Although little known today, James Tyson was truly a legend in his own life time. He was Australia’s first great cattle king and our first millionaire. When he died in 1898, not only were there obituaries in Australian newspapers, but also in The London Times and New York Times. Banjo Paterson wrote a poem about him entitled simply T.Y.S.O.N.

Yet James Tyson started with nothing. Born in 1819 near Narellan, he became a squatter on the Lachlan River with his brothers. He boosted his fortune by droving cattle to the Bendigo goldfields and butchering the meat for the miners. Leaving the goldfields with a personal wealth of £20,000, James Tyson acquired further property in New South Wales and Gippsland before moving to the Darling Downs. From there, he made huge Queensland acquisitions, including his flagship 2.1 million acre Tinnenburra, near Cunnamulla.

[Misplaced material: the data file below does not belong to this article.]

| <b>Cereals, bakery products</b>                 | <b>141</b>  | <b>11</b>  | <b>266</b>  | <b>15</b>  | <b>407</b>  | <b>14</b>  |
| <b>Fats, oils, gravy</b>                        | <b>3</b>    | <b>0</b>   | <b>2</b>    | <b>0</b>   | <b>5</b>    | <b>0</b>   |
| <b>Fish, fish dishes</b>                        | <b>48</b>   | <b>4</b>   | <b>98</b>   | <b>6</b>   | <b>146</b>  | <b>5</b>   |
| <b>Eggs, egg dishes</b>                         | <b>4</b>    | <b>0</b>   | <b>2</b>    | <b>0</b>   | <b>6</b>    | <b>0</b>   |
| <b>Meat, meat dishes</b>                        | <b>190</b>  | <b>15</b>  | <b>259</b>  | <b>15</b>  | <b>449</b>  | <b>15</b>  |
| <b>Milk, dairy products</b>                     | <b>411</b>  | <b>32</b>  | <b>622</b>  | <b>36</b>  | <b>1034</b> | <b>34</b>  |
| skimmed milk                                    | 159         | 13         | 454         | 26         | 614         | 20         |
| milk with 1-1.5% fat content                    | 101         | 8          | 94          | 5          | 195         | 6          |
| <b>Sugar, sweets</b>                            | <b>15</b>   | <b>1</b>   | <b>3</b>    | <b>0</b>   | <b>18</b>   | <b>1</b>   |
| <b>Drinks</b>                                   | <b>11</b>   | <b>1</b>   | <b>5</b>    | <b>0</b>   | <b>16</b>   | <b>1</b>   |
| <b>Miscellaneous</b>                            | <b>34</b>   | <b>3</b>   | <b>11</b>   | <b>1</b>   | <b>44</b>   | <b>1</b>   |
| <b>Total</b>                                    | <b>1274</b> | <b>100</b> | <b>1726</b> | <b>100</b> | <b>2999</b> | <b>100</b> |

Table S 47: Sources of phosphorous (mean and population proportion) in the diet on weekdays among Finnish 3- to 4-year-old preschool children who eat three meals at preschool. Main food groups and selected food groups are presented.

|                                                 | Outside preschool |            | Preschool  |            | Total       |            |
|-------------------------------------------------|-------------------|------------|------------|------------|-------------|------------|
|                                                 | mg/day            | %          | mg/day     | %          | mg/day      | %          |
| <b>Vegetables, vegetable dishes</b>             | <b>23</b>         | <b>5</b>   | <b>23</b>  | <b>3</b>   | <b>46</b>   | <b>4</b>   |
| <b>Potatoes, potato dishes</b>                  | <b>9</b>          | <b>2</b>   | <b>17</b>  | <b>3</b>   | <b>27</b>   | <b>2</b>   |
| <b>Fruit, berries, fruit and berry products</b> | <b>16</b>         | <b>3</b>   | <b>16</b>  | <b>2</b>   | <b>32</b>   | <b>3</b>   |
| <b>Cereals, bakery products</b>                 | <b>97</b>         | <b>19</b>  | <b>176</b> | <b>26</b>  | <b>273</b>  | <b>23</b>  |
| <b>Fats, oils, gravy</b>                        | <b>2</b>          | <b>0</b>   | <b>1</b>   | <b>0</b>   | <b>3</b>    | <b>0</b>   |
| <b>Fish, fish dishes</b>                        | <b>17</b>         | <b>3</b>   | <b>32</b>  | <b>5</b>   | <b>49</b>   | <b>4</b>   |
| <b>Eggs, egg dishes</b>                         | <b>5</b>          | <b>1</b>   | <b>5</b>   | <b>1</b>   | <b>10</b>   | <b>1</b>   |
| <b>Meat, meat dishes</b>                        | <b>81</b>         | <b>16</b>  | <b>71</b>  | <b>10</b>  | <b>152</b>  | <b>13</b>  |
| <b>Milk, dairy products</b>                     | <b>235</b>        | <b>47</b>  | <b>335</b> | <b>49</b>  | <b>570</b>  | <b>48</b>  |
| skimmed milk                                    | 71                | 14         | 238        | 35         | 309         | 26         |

He was a loner who avoided people and was said never to have entered a church, a pub or a theatre. He never married and died intestate: his vast wealth was divided among his extended family.

James Tyson used his wealth to support his adopted state during tough economic times and to develop infrastructure and in 1893 he became The Hon James Tyson MLC, a member of the Queensland Upper House.

By 1898, James Tyson’s properties covered 5.3 million acres. His success came from a strong innate business sense. He practiced ‘management by walking around’, literally, dropping in unannounced on his far flung properties. In today’s terms, he ran a vertically integrated business. His biographer Zita Denholm wrote that there were “Tyson cattle shifted by Tyson drovers riding Tyson horses from Tyson breeding property to Tyson fattening country”.

For James Tyson, “Money was nothing. It was the ‘little game’ that was fun. The little game was ‘fighting the desert.’ That has been my work. I have been fighting the desert all my life and I have won. I have put water where there was no water and beef where there was no beef. I have put fences and roads where there were no roads. Nothing can undo what I have done and millions will be happier for it after I am long dead and forgotten”.

In 1898 James Tyson’s wealth was estimated at £2.36 million (the equivalent of $13 billion today), which was 1.3% of Australia’s GDP. This had been reduced from £5 million by the severe drought of the 1890s.

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